Author poolie
Recipients benjamin.peterson, gz, pitrou, poolie, r.david.murray, vila, vstinner
Date 2011-12-22.01:50:35
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Message-id <CAA9uavB66=DuLwwfY_69=FfaU9dRo453v8pLnft78pn79A7s4g@mail.gmail.com>
In-reply-to <4EF2893E.1000403@haypocalc.com>
Content
On 22 December 2011 12:32, STINNER Victor <report@bugs.python.org> wrote:
>
> STINNER Victor <victor.stinner@haypocalc.com> added the comment:
>
> On 22/12/2011 02:16, Martin Pool wrote:
>> The proposal is that in some cases where Python currently assumes
>> filenames are ascii on Linux, it ought to instead assume they are
>> utf-8.
>
> Oh, I expected a use case describing the problem, not the proposed
> solution :-)

The problem as I see it is this:

On Linux, filenames are generally (but not always) in UTF-8; people
fairly commonly end up with no locale configured, which causes Python
to decode filenames as ascii.  It is easy for this to end up with them
hitting UnicodeErrors.

>>> You want to use UTF-8 instead of ASCII, so what? What do you
>>> want to do with your nicely well decoded filenames? You cannot print it
>>> to your terminal nor pass it to a subprocess, because your terminal uses
>>> ASCII, as subprocess. I don't see how it would help you.
>>
>> When the application has a unicode string,
>
> Where does this string come from? (It is an important question).

It comes, for example, from the name of a file, or a directory, or the
contents of a symlink.  Or the problem applies equally when the
program has got a unicode string (for example off the network in a
defined encoding) and it is trying to use it to access the filesystem.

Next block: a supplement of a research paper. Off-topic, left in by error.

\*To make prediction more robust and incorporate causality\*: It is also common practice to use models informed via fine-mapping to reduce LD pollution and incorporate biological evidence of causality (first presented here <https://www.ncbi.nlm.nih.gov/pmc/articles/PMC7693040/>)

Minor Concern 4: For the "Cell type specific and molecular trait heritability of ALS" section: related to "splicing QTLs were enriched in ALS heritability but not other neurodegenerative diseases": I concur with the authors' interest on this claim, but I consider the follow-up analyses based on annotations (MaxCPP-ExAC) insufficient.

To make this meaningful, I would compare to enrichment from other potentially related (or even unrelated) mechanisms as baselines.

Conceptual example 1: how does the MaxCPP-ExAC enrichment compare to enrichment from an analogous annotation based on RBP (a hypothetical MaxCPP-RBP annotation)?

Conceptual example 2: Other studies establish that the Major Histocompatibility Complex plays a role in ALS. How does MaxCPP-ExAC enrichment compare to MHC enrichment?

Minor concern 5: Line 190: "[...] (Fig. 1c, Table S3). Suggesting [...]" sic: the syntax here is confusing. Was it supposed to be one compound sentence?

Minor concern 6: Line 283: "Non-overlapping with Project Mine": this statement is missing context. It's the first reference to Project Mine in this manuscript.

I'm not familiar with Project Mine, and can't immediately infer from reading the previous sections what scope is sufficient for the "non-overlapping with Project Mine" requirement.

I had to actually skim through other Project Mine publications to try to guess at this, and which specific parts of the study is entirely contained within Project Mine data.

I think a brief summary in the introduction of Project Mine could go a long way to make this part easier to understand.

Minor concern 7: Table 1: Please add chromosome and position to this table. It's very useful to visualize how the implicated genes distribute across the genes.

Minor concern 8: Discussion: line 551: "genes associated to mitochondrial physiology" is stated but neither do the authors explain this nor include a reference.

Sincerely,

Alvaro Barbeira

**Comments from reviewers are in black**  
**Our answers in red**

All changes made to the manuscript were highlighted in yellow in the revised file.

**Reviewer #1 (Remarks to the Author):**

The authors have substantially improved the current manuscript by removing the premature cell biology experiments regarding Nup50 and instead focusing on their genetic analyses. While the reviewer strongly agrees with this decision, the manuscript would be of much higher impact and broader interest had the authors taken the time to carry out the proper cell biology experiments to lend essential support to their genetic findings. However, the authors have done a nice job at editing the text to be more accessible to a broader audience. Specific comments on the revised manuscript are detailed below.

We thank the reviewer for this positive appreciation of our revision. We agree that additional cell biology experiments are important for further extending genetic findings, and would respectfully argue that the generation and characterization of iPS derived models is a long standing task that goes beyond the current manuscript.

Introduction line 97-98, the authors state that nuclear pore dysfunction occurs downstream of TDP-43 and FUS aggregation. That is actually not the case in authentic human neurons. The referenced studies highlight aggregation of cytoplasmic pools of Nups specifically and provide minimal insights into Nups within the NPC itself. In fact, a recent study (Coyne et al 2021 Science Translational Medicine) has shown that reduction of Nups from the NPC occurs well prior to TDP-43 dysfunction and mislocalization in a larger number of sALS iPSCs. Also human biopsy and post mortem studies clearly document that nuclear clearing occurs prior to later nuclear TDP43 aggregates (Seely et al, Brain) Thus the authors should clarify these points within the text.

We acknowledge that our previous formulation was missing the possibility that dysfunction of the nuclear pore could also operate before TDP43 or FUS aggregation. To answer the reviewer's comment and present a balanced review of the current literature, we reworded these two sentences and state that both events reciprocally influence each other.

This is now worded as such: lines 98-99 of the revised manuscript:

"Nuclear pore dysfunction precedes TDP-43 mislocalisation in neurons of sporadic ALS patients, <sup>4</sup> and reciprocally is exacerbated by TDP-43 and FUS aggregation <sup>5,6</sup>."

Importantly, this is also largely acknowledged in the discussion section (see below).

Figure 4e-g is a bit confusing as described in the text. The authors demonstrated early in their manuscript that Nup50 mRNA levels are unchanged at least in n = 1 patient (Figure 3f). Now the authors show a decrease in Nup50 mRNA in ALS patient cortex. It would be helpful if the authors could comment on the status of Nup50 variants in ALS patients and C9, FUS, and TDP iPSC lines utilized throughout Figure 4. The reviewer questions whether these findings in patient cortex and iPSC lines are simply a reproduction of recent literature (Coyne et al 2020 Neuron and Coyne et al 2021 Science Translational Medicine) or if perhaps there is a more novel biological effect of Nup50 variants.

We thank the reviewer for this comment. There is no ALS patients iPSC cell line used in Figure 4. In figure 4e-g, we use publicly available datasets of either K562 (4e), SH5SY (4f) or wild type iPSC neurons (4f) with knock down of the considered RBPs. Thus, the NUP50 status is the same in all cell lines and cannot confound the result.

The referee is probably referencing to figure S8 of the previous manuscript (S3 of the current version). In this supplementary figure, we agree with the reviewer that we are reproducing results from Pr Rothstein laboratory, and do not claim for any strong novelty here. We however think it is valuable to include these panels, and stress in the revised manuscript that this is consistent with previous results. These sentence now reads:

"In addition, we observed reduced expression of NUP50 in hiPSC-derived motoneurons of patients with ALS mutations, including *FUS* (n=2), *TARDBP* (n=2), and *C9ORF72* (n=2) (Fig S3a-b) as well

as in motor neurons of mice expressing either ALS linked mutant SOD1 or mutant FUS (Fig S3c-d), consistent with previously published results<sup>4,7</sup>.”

> If your locale encoding is ASCII, you cannot write such non-ASCII
> filenames using the keyboard for example.

Sure you can.  The user could enter a backslash-escaped name, which
the program knows to decode to unicode.  The point is the program has
a choice of how it deals with user input, whereas it does not have as
much control in Python of how filenames are encoded.

>  > with working around this when the filenames really are
>  > valid in what should be the user's locale,
>
> On your computer, UTF-8 is maybe a good candidate for "what should be
> the user's locale", but you cannot generalize for all computers.
>
> I also wanted to force UTF-8 everywhere, but you cannot do that or your
> program will just not work in some configurations.

Just to be clear, I'm not proposing to force UTF-8 everywhere.  I am
only proposing to 'break' the case where the user has non-ascii
filenames but, intentionally or not, a locale that specifies only
ascii is used.  With this change, Python will try to decode them as
utf-8, and fail if they're not utf-8.

I am coming to think the best step here is just for the OS to do more
to make sure the application does get the appropriate locale.  (For
example, Ubuntu in recent releases uses a pam hook to set LANG for
cron jobs, to avoid the example described above.)
History
Date User Action Args
2011-12-22 01:50:36pooliesetrecipients: + poolie, pitrou, vstinner, vila, benjamin.peterson, r.david.murray, gz
2011-12-22 01:50:35poolielinkissue13643 messages
2011-12-22 01:50:35pooliecreate